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The State of HealthIllness in Nazi Germany$
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Geoffrey Campbell Cocks

Print publication date: 2012

Print ISBN-13: 9780199695676

Published to Oxford Scholarship Online: May 2012

DOI: 10.1093/acprof:oso/9780199695676.001.0001

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The Body of Death

The Body of Death

Chapter:
(p.219) 9 The Body of Death
Source:
The State of Health
Author(s):

Geoffrey Campbell Cocks

Publisher:
Oxford University Press
DOI:10.1093/acprof:oso/9780199695676.003.0009

Nazi war was a means to Nazi racial extermination. Most Germans were indifferent or hostile to Jews due to traditional attitudes reinforced by Nazi propaganda. Germans also had modern concerns about their own health and illness that were now aggravated by the demands and dangers of a nation at war. This preoccupation with the self and its body was also intensified by the monolithic Nazi fantasy of ‘the Jew’ as an internal morbid enemy of the people's ‘body’ rather than just an external mortal one. Nazi ‘euthanasia’ of mental patients was undertaken under the cover of war, but the German public was well aware of it. This too further reminded the populace of escalating wartime threats to individual well-being and thus pre-empted active concern for the fate of those officially designated as ‘others’. Jews in the ghettos and camps suffered catastrophic incidence of sickness in advance of extermination. Even some Nazi murderers experienced physical and mental stress and breakdown from their ‘work’. And German fear of disease—especially typhus—was occasionally exploited by Europeans, even Jews, subject to Nazi persecution.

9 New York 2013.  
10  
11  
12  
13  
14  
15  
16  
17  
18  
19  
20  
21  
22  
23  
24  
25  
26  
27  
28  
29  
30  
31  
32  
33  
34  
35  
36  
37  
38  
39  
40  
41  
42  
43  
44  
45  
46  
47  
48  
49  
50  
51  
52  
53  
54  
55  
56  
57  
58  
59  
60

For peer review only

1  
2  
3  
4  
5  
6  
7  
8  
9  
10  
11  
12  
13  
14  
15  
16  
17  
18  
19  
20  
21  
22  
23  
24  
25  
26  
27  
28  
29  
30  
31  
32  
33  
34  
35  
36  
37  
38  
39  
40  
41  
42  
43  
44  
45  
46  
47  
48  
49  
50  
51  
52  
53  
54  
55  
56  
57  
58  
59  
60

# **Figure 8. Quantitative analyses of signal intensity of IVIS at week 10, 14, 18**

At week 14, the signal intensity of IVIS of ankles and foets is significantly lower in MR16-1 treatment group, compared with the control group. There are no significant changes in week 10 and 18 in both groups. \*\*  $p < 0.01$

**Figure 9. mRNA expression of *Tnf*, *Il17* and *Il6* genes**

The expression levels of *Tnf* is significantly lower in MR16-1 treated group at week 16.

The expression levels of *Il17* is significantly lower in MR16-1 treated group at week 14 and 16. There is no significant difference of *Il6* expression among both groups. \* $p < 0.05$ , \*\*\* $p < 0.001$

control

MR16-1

Keywords:   Jews as ‘disease’, Germans as ‘victims’, ‘euthanasia’, extermination, illness and murder, illness and death, illness and agency

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